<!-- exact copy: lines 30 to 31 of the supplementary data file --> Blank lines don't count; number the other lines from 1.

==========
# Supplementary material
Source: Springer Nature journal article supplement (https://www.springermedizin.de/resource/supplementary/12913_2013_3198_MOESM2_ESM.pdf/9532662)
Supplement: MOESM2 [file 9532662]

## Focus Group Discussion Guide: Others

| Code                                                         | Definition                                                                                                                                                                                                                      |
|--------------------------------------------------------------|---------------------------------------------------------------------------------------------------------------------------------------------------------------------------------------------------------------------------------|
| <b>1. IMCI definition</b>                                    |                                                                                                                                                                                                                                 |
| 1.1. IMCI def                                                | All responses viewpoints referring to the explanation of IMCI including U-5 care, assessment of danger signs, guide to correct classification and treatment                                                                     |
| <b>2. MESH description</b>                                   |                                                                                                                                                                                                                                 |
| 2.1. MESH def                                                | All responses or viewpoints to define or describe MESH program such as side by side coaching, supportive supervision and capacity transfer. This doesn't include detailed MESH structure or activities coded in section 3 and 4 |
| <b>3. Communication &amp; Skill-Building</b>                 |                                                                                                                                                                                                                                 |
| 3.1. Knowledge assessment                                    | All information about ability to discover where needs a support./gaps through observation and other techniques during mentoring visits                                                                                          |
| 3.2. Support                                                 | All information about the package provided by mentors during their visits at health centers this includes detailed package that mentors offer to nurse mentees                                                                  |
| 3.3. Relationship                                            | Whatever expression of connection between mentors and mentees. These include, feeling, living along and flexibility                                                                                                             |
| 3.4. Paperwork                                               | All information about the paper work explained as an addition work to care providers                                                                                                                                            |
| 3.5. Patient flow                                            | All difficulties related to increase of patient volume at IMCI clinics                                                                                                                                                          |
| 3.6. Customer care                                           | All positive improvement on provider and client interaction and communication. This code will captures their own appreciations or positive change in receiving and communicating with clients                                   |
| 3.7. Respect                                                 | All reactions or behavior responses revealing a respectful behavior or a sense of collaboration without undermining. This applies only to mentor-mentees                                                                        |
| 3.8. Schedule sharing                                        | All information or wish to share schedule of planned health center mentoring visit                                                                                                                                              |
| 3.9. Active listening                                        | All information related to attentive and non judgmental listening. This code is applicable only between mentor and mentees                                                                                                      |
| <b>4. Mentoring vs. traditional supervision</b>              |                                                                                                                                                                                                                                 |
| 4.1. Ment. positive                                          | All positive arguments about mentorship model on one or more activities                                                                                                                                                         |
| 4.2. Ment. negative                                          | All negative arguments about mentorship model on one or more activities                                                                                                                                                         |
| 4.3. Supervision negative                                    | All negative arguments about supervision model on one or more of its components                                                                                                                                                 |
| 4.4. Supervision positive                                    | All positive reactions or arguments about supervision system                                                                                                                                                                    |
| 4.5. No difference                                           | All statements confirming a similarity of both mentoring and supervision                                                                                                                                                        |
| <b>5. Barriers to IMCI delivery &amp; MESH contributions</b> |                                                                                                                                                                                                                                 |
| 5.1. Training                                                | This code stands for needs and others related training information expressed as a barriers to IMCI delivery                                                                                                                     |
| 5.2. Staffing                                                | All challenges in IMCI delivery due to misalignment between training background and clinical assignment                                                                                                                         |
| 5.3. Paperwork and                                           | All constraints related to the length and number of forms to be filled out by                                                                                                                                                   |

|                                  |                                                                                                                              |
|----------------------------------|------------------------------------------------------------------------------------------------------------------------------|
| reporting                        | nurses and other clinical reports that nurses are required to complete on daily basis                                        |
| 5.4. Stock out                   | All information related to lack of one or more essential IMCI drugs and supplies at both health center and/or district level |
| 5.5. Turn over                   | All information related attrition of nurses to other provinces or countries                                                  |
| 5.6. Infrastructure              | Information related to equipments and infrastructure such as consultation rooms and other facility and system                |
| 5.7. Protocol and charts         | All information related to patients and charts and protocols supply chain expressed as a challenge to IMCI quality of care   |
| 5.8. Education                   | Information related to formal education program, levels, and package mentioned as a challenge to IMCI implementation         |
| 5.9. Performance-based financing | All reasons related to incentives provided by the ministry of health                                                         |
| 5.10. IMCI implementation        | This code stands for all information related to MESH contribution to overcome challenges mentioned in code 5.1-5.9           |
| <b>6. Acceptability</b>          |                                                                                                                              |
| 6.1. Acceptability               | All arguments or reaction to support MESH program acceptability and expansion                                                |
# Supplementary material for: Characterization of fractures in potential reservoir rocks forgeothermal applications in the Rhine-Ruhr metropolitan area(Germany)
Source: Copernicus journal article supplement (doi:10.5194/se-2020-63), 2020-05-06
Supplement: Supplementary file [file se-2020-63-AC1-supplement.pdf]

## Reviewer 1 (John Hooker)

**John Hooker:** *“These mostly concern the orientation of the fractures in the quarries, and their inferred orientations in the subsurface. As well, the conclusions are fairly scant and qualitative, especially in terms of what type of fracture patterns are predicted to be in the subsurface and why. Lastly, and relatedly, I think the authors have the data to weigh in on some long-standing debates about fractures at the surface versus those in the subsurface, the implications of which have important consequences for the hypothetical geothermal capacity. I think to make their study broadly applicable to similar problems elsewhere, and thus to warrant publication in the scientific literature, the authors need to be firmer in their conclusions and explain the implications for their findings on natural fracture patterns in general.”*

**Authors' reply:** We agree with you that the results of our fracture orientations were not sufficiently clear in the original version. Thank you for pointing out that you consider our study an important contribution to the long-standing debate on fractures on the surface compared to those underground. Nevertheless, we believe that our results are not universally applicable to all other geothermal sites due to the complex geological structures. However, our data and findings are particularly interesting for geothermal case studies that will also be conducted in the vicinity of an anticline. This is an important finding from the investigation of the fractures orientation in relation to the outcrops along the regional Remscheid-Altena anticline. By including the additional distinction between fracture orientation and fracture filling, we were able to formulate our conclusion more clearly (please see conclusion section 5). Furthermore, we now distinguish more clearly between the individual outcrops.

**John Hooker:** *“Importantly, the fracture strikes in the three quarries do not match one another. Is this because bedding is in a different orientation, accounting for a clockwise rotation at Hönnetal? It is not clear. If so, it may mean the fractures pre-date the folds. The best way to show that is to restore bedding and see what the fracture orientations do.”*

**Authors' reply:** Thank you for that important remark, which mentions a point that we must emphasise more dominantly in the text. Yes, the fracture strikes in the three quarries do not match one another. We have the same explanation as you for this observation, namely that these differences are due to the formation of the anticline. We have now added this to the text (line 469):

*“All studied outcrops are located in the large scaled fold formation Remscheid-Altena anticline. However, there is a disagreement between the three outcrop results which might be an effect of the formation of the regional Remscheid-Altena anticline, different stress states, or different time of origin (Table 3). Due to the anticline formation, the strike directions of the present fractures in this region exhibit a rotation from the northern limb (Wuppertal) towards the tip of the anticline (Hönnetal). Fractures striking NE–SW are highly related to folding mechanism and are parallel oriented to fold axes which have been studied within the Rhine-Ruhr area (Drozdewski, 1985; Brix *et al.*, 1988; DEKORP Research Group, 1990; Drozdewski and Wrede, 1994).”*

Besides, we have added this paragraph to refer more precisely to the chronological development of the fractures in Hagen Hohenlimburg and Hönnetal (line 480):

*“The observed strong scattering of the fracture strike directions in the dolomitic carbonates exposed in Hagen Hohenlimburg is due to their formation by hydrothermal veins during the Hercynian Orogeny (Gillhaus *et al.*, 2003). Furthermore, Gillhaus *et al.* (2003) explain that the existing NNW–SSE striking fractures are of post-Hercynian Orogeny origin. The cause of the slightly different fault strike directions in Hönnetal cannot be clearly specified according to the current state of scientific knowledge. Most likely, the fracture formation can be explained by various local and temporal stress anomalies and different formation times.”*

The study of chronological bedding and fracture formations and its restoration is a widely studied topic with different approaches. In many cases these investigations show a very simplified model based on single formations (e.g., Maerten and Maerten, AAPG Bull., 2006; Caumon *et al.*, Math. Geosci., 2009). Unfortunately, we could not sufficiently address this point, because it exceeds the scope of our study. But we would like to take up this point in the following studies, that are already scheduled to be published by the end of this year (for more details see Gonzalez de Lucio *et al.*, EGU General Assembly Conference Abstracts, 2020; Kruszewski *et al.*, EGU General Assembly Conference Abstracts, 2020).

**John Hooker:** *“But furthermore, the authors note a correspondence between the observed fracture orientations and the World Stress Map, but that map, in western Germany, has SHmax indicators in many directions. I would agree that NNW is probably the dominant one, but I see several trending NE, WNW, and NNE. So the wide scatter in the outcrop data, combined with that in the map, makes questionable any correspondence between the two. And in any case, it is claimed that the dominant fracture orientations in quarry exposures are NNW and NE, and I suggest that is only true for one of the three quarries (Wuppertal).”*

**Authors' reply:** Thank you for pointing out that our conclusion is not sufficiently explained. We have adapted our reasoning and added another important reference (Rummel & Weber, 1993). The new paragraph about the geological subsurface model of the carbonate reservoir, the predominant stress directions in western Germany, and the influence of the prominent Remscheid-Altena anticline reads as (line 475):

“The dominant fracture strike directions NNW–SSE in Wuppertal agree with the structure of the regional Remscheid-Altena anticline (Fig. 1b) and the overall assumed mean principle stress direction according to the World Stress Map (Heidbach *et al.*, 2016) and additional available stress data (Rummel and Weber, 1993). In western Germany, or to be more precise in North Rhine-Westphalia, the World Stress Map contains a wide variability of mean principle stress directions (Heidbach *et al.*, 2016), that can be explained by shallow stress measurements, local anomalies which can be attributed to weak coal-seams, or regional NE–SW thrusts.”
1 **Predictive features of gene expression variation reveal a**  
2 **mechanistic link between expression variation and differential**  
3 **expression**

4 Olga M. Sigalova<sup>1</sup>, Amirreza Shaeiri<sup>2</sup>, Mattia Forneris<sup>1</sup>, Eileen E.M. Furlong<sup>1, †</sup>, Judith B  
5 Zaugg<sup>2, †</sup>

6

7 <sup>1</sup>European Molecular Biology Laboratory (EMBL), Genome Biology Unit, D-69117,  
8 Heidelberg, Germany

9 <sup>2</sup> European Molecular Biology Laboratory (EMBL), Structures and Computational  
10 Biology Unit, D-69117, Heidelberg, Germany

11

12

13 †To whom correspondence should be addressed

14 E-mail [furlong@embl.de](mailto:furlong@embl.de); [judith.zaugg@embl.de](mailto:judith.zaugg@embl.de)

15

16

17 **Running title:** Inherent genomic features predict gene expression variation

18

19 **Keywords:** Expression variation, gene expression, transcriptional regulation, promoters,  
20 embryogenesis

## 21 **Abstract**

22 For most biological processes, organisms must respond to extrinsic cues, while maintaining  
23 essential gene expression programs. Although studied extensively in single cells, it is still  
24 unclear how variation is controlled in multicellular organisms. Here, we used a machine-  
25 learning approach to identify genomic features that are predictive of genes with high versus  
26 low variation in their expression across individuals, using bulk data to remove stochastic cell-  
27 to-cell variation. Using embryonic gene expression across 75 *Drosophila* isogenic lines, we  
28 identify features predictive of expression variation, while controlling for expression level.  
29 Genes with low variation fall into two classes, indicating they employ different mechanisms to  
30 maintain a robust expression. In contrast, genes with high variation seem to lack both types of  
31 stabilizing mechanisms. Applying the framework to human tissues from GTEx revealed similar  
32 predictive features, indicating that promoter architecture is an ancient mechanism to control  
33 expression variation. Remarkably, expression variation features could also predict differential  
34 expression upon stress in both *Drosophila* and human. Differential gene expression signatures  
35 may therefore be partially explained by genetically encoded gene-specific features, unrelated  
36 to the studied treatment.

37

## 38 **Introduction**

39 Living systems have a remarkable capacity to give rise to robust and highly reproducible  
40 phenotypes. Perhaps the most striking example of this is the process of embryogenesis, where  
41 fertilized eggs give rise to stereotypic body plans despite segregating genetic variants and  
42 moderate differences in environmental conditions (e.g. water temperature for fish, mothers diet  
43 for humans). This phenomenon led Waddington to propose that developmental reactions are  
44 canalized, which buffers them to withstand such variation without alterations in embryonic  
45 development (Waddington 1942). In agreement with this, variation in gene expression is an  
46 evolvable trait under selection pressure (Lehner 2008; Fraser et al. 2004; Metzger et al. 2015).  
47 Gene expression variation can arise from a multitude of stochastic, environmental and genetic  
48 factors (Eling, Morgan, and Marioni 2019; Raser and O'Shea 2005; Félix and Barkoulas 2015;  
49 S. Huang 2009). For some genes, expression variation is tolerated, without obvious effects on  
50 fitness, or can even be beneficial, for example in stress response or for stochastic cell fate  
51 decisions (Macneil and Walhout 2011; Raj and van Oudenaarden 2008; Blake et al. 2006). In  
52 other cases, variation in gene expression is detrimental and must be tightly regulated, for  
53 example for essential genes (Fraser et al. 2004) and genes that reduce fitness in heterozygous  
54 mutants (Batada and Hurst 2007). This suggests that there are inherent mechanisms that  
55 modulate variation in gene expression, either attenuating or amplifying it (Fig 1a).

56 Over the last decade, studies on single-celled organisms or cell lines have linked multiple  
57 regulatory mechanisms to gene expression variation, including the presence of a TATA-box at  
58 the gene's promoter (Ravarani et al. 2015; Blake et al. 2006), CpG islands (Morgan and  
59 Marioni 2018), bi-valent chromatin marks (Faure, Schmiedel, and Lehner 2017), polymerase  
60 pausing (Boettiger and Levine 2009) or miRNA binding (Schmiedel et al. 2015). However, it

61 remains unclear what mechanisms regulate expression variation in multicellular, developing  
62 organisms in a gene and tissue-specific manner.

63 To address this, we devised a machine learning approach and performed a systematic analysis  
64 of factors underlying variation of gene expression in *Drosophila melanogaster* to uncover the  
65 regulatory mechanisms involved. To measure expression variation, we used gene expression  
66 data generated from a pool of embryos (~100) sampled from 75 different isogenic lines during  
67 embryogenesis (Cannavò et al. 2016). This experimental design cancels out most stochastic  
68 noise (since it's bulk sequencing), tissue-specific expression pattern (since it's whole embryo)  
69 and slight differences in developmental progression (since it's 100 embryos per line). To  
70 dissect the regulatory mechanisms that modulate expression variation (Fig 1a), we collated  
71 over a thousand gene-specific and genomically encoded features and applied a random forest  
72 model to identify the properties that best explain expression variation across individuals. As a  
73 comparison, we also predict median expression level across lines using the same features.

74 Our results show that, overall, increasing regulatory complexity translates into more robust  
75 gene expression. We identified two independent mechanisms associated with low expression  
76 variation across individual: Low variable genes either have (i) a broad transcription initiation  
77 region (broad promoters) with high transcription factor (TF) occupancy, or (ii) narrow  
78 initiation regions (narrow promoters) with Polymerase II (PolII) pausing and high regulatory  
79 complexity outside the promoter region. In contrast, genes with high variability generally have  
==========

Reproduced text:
| 5.3. Paperwork and                                           | All constraints related to the length and number of forms to be filled out by                                                                                                                                                   |

|                                  |                                                                                                                              |